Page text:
We all know, all of us in America anyway, that Memorial Day weekend marks the start of summer. It’s about the downtime ahead, the vacation that’s coming, the shutting down of the serious in anticipation of fun in the sun.
Memories work on us on every level, especially when they slip out of mind. A memory exhibit at the Exploratorium Museum touches on the usual: “You get to school and realize you forgot your lunch at home. You take a test and you can’t remember half the answers. You see the new kid who just joined your class, and you can’t remember his name. Some days, it seems like your brain is taking a holiday–you can’t remember anything!”
I like to joke about my own “senior moments” but cultures have them too—and often, not always by accident. In our culture, it is often by design. The frequent references we hear to “political amnesia” is not just commentary but an allusion to a social pathology, a deliberate process of actually disconnecting us from our past and history.
A book by Andreas Huyssen takes another tact, arguing, “Rather than blaming amnesia on television or the school, Twilight Memories argues that the danger of amnesia is inherent in the information revolution. Our obsessions with cultural memory can be read as re-representing a powerful reaction against the electronic archive and they mark a shift in the way we live structures of temporality.”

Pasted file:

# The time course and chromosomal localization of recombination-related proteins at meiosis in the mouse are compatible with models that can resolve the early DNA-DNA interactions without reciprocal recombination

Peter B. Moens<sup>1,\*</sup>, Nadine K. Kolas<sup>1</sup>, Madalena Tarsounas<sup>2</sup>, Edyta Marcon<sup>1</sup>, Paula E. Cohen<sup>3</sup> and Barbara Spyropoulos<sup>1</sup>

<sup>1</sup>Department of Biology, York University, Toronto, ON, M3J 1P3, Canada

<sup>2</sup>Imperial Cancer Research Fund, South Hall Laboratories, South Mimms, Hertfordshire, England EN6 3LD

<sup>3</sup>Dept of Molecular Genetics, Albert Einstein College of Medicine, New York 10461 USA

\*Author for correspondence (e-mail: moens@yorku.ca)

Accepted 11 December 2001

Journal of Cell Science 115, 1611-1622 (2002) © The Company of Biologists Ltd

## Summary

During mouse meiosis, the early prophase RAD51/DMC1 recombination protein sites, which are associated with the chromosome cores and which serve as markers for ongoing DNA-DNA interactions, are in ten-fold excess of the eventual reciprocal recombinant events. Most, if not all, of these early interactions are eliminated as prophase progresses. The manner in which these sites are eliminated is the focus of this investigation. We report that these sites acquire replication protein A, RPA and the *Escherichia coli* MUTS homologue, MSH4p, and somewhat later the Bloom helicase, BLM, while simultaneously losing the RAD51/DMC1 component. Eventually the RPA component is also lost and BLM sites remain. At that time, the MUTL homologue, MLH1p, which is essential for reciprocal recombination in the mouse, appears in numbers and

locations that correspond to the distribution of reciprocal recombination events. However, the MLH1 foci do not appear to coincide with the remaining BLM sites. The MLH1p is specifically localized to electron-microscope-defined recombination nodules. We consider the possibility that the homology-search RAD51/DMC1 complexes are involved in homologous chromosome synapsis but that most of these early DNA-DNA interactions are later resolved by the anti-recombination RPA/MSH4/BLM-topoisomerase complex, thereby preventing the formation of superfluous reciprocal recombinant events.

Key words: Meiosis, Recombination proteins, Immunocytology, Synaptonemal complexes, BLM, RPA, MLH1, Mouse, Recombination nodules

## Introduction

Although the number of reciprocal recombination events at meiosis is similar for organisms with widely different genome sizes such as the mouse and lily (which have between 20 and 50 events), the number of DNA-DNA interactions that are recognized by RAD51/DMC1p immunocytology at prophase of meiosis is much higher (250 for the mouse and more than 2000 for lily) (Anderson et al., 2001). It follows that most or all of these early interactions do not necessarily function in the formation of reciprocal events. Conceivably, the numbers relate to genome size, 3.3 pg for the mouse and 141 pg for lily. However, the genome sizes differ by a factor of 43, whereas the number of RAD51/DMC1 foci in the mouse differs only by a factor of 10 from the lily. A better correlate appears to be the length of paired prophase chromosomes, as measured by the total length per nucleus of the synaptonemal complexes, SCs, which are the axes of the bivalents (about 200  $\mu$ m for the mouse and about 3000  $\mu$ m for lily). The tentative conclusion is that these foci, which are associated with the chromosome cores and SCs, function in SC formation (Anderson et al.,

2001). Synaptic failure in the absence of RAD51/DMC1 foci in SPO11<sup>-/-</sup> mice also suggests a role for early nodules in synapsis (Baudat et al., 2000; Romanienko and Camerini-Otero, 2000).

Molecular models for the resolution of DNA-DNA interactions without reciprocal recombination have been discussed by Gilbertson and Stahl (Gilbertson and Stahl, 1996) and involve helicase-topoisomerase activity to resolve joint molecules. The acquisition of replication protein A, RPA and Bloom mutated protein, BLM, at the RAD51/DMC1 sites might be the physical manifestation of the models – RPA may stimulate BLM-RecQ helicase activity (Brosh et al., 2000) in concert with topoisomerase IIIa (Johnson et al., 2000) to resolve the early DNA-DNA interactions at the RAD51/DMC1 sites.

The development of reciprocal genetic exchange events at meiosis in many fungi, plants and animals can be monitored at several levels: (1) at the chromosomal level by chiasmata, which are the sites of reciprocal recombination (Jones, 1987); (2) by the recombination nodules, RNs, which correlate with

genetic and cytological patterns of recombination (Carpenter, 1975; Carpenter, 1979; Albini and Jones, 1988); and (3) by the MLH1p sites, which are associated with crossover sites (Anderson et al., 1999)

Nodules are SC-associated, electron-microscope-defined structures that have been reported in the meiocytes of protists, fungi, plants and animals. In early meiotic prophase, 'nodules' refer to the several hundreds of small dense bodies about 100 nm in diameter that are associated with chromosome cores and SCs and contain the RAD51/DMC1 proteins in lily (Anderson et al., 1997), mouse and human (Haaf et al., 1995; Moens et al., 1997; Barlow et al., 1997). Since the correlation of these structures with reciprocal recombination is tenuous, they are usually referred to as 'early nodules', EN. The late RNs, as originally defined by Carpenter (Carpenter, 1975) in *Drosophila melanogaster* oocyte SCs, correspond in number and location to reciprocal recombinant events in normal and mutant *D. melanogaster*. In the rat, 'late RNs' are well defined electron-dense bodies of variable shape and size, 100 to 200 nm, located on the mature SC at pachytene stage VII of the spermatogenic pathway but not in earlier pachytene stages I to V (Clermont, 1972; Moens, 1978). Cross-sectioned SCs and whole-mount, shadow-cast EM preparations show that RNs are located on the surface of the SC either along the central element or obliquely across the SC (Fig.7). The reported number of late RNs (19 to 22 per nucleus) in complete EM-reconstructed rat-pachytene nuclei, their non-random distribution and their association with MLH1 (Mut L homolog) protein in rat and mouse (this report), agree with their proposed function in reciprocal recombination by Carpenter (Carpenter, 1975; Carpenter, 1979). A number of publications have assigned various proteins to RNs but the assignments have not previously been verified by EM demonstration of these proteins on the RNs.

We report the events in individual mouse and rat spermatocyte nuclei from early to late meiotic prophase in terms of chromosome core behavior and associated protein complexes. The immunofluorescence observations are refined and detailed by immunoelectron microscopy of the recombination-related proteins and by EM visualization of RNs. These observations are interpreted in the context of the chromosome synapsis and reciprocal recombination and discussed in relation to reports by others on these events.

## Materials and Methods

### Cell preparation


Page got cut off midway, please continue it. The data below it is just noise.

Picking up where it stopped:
Our amnesia about recent developments seems to be induced and reinforced by the very fast paced entertainment-oriented formats that we have become addicted to as sources of news and knowledge. They keep us in the present, in the now, disconnected from any larger ideas or analytical framework.
The architects of TV News know this from their market surveys and studies. It is this very media effect that they hype to lure advertisers to their real business: selling our eyeballs to sponsors, not deepening our awareness. Depoliticizing our culture is a media necessity in a society driven by consumerism. Every programmer knows the drill. It’s a market logic called “KISS:” Keep It Simple and Stupid.
So even as this dialectic is deplored, it is, sadly, quite functional.
So on Memorial Day and in the season ahead, think of how to encourage remembering, not just about the dead, but for the living. Our future depends on how we understand the past. Political Annesia is the enemy in our A.D.D culture..
New Dissector Danny Schechter edits Mediachannel.org. His new documentary feature IN DEBT WE TRUST starts screening at festivals next month. Comments to: [email protected]